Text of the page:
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A striking exhibition by Nedbank in ‘Africa’s richest square mile’ shines a spotlight on how consumerism and debt are hindering SA’s vital economic growth

 A striking exhibition by Nedbank in ‘Africa’s richest square mile’ shines a spotlight on how consumerism and debt are hindering SA’s vital economic growth
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An eye-catching live exhibition by Nedbank drew the attention of South Africans to the dangers of unchecked consumerism, overspending, and rising debt. More importantly, the street exhibition highlighted how simply making good money management choices is an effective way of addressing these issues and securing a better financial future.

 

The exhibition on Sandton Drive took the form of a pop-up display that asked consumers: would you blow it or grow it? It included four striking exhibits of the extravagant ways that many South Africans are tempted to spend their money, like splurging on a luxury car, a designer wardrobe or an expensive night on the town. The message was clear – while these lifestyle elements are fine if you have the money to pay for them, aspiring to a lifestyle that is beyond your means and gets you into debt, is never a wise decision.

The reasoning behind Nedbank’s hard-hitting message is not hard to see. An excessive reliance on credit is demonstrated by the TransUnion Q4 2020 South Africa Industry Insights Report, which found that South Africans currently have 7 million credit cards, 16,2 million clothing accounts, 2,3 million vehicle accounts, 6,7 million personal loan bank accounts and 5,7 million  personal loan non-bank accounts.

And over-indebtedness is not limited to low- or middle-income households. Experian’s Q4 Consumer Default Index reported that new default balances in Q4 2020 amounted to R18,26 billion, with the bulk of this being among the most affluent segments of the population. Wealthy households have outstanding debt of almost R600 billion, and the top 2,5% of South Africa’s credit active population was responsible for total new defaults on debt repayments of more than R4 billion. What’s more, up to 40% of consumers skipped retail store payments, and nearly 60% skipped personal loan payments.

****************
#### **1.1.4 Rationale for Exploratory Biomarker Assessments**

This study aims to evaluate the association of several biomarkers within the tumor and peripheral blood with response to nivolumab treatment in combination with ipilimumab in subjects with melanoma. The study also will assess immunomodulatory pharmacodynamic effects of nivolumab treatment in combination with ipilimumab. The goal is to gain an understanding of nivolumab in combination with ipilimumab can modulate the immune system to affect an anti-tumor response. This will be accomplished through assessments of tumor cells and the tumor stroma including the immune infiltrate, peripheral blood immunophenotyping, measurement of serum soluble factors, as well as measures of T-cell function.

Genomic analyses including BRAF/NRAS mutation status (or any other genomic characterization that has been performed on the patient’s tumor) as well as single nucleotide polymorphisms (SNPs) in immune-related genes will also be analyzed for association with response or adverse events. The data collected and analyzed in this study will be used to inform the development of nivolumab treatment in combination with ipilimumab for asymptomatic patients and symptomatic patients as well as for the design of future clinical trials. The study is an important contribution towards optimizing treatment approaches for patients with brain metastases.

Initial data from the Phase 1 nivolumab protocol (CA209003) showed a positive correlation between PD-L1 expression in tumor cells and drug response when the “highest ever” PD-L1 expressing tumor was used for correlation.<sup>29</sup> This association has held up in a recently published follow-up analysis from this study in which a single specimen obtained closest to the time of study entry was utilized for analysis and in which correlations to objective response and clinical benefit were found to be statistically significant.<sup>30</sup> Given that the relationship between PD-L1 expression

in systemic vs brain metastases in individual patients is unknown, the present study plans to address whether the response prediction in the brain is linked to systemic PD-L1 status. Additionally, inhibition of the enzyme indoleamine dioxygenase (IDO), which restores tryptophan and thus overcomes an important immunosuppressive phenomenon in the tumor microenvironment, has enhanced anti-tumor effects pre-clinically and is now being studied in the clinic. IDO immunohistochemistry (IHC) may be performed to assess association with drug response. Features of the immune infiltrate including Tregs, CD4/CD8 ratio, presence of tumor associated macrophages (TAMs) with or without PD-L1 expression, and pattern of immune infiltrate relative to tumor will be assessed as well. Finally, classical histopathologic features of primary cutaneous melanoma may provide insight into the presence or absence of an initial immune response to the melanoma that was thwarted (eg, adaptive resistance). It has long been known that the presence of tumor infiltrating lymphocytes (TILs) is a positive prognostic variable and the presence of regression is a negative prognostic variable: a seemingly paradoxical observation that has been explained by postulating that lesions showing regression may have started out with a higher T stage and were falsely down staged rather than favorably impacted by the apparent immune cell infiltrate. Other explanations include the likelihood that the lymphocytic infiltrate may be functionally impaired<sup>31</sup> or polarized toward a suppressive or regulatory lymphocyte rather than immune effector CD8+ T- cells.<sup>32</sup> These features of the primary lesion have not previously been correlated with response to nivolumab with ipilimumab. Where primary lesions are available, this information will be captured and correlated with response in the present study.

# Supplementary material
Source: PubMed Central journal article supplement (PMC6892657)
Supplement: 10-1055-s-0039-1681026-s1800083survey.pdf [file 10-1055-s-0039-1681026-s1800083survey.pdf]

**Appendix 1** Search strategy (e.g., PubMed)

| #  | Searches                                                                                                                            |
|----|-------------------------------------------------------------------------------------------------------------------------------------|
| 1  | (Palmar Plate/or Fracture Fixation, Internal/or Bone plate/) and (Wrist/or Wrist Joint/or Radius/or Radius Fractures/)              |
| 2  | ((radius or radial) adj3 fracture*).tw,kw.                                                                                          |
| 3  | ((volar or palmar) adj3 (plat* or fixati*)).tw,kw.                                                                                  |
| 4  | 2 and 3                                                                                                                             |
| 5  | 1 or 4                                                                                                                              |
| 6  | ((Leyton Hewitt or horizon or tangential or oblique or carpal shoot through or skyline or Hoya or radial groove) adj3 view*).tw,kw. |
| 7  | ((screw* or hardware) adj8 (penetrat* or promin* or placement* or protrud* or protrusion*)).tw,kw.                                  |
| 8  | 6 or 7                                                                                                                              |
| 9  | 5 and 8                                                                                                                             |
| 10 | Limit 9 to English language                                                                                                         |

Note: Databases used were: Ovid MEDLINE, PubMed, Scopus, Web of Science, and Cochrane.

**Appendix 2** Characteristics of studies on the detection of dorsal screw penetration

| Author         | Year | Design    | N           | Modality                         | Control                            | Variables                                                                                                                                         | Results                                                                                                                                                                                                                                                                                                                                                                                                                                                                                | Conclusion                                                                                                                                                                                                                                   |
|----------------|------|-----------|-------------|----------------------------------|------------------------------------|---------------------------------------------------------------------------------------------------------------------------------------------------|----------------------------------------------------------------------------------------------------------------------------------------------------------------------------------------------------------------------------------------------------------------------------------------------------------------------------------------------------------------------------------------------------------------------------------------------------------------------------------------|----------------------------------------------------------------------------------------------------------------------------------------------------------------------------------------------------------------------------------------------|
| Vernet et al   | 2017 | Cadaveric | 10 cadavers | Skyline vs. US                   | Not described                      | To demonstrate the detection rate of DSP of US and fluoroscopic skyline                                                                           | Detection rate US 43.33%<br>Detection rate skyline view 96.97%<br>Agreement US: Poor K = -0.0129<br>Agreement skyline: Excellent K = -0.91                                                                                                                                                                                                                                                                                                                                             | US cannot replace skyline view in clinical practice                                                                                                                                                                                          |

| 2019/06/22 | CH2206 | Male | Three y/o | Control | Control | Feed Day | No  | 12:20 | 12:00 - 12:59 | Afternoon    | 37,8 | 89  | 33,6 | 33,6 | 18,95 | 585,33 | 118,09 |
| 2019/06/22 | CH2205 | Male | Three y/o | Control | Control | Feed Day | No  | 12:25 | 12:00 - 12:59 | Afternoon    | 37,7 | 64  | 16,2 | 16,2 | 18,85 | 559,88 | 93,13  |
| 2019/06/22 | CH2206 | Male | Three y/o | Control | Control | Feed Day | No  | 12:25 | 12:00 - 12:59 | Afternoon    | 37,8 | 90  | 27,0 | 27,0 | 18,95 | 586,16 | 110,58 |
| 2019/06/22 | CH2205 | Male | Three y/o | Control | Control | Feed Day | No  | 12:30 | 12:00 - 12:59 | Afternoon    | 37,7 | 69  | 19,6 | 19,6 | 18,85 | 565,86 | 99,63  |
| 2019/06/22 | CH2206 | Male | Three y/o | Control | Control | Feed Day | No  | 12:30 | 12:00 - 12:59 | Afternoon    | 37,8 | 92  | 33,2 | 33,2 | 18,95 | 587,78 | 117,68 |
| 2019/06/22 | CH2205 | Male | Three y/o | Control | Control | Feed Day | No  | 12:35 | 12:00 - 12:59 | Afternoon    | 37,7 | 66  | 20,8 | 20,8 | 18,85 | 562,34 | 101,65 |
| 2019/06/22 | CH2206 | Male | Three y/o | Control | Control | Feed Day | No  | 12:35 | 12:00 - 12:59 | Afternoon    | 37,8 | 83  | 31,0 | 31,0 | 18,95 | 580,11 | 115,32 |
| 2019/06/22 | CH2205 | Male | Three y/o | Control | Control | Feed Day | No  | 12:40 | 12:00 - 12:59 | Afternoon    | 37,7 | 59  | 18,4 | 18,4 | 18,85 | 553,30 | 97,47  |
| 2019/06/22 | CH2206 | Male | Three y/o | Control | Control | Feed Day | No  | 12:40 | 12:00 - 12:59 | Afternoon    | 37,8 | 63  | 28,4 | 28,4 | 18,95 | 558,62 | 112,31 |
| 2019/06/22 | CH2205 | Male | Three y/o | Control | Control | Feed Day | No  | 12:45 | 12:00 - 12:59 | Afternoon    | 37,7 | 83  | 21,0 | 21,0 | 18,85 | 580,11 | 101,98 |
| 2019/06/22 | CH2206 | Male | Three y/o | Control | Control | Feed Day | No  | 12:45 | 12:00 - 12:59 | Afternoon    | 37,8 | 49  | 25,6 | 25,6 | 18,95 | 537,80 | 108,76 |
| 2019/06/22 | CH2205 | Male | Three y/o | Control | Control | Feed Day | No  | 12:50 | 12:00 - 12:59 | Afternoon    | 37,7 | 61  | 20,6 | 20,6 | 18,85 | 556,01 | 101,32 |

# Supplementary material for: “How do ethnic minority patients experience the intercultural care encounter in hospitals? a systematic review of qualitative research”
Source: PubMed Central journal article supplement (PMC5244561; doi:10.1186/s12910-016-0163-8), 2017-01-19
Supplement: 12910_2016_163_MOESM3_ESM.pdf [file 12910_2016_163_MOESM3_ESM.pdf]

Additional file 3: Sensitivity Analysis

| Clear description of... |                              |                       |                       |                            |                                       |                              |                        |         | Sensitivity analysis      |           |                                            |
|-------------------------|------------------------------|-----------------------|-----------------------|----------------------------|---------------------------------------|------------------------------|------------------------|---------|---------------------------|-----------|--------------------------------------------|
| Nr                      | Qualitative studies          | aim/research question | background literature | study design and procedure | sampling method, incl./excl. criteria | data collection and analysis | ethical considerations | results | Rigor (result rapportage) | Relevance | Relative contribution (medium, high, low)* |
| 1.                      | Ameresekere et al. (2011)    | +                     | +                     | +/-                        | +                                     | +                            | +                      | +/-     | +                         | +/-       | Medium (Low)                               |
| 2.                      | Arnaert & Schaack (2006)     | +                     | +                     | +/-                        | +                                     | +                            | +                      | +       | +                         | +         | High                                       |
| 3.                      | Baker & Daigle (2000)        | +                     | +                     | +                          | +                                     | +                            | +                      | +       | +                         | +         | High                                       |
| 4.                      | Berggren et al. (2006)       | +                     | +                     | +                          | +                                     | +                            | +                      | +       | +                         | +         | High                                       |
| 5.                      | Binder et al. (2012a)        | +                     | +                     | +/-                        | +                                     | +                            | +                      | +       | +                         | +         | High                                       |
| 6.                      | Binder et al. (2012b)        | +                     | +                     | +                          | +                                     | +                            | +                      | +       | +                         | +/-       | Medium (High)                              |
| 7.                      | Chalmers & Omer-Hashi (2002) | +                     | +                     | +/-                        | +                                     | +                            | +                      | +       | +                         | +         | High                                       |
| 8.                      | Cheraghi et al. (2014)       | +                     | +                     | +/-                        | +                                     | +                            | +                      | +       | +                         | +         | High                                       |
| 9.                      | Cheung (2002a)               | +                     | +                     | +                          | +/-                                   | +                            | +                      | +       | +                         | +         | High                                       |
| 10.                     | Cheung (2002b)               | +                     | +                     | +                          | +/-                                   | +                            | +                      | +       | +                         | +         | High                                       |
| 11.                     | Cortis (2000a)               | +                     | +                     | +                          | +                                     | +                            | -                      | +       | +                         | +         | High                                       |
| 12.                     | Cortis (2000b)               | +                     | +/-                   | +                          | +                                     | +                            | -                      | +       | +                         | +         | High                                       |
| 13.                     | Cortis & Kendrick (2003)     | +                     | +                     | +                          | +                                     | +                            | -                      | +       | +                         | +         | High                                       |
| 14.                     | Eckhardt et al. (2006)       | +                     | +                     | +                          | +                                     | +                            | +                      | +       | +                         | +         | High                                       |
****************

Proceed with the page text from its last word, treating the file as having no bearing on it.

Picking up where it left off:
Simultaneously, the household saving rate in South Africa decreased to 0,50% in Q4 of 2020 from 0,70% in Q3 of 2020.

 

Nobanda points out that, while there is nothing inherently wrong with debt and consumption – they are key drivers of growth – we, as South Africans, undoubtedly need to address some of the deeply ingrained money habits and attitudes within our culture that are hindering us to achieve long-term wealth creation.

‘Rampant consumerism at a large scale is unsustainable. As the bank that takes money seriously, we support South Africans in improving their financial positions, and helping to rebuild commerce, and the broader economy, in South Africa sustainably.’

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